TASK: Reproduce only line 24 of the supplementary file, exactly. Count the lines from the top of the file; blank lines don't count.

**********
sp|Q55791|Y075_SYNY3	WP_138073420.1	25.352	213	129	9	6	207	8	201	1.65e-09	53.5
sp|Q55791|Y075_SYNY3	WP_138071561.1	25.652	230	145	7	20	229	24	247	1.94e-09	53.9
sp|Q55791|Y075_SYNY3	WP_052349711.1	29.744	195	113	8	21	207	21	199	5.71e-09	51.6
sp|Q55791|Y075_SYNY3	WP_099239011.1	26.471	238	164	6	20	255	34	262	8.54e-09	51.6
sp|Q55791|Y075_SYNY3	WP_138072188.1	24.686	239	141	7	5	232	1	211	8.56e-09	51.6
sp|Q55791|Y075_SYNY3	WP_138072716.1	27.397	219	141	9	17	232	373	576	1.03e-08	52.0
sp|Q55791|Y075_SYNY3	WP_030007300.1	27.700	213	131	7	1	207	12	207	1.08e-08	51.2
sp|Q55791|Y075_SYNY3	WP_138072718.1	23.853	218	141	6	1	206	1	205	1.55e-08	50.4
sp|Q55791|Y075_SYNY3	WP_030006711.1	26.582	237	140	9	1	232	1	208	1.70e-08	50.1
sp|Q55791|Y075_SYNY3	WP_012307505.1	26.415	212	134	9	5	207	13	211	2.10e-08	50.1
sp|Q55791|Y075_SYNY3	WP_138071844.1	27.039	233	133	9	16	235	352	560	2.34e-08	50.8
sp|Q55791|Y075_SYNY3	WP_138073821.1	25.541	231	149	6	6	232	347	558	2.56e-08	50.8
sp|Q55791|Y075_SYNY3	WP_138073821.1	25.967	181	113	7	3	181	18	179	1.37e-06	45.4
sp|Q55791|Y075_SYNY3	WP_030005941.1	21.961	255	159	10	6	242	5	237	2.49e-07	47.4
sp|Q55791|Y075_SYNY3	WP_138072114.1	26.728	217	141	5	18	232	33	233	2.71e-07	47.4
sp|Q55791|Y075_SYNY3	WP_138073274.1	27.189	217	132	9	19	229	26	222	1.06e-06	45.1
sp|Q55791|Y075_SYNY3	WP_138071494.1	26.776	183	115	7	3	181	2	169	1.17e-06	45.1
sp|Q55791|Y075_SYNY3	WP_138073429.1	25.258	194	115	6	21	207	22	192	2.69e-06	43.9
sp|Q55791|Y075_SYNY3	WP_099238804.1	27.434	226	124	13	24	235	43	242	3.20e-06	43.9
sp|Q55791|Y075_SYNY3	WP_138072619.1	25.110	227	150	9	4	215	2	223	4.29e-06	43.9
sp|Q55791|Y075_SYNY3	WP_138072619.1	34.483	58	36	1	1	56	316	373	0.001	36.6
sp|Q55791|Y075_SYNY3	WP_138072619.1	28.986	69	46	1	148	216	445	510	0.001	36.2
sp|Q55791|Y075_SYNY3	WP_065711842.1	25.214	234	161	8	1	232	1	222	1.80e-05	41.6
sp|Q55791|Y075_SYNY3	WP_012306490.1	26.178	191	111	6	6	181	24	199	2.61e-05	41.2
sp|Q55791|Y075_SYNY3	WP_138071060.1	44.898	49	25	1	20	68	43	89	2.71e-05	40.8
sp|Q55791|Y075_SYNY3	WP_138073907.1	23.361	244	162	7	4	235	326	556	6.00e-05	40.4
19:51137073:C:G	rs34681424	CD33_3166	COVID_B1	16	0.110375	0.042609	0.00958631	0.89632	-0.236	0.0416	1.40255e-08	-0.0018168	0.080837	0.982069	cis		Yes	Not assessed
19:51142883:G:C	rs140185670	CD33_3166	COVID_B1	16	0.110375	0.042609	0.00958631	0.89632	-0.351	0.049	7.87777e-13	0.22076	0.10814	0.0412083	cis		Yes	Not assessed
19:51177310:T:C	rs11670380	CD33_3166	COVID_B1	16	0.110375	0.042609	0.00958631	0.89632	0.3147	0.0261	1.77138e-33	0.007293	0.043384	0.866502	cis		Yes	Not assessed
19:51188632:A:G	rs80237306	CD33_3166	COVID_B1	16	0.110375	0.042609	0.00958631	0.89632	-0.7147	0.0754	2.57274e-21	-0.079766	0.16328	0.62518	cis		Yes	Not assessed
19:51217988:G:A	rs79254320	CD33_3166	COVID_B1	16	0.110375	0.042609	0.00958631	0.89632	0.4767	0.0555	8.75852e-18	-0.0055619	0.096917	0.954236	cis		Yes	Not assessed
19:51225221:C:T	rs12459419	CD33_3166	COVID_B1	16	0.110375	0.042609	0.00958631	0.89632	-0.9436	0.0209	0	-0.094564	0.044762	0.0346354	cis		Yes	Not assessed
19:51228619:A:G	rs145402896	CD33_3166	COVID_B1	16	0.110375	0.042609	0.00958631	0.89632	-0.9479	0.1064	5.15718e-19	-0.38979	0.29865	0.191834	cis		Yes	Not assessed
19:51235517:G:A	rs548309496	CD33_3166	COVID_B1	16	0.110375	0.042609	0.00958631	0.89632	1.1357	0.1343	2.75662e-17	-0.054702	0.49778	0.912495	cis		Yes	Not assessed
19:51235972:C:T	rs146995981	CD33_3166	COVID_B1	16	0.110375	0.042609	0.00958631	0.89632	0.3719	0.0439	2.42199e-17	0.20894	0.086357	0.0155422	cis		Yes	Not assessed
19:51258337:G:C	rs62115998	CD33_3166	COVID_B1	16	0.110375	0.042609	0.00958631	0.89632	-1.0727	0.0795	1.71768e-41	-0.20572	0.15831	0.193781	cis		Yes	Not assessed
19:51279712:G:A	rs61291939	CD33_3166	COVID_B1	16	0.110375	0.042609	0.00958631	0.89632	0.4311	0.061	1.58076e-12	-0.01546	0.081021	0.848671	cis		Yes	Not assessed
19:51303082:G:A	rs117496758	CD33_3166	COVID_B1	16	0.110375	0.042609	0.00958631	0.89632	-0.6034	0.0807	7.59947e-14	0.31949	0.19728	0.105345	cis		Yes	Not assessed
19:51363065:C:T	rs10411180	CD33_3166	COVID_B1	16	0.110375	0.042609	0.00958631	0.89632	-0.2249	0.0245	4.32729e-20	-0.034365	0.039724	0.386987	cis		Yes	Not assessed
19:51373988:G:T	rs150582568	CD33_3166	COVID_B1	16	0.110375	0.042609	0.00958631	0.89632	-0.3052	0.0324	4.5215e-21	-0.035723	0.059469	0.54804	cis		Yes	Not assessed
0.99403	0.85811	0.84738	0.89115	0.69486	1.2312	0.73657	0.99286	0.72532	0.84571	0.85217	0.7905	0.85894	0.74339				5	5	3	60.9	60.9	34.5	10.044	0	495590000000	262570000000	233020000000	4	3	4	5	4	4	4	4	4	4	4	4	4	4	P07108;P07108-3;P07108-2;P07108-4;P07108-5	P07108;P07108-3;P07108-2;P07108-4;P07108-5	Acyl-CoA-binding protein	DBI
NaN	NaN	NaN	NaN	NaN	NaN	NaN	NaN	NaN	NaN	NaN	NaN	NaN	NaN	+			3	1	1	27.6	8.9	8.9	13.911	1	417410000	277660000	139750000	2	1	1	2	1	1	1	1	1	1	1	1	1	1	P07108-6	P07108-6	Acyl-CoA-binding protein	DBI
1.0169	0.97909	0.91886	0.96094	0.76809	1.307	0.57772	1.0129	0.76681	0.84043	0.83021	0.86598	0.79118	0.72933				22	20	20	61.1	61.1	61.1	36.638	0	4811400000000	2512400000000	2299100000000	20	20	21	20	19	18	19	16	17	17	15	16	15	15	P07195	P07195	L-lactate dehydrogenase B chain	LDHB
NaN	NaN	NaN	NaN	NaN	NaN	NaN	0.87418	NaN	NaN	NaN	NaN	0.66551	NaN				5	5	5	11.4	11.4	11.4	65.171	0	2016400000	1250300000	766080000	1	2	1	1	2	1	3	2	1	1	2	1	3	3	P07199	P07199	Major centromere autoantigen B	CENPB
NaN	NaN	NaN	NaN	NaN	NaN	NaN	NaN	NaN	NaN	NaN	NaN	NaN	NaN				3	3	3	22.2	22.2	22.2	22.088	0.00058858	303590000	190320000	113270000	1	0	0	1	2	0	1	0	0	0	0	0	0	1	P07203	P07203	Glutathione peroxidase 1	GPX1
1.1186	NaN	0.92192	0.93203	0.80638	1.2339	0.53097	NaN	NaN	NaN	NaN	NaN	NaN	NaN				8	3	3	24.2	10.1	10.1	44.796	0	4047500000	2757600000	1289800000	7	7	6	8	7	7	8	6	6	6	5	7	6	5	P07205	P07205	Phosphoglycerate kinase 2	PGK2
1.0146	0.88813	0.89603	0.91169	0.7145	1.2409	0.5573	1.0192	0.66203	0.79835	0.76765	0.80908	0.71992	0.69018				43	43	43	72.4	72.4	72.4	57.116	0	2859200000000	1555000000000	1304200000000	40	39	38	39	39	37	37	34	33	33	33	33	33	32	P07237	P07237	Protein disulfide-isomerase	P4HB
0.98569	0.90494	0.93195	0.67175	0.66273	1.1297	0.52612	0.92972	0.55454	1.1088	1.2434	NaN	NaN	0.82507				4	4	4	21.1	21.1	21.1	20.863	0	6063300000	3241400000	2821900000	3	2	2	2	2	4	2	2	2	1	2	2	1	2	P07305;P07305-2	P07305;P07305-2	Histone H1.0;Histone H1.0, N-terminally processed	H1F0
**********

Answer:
sp|Q55791|Y075_SYNY3	WP_012306490.1	26.178	191	111	6	6	181	24	199	2.61e-05	41.2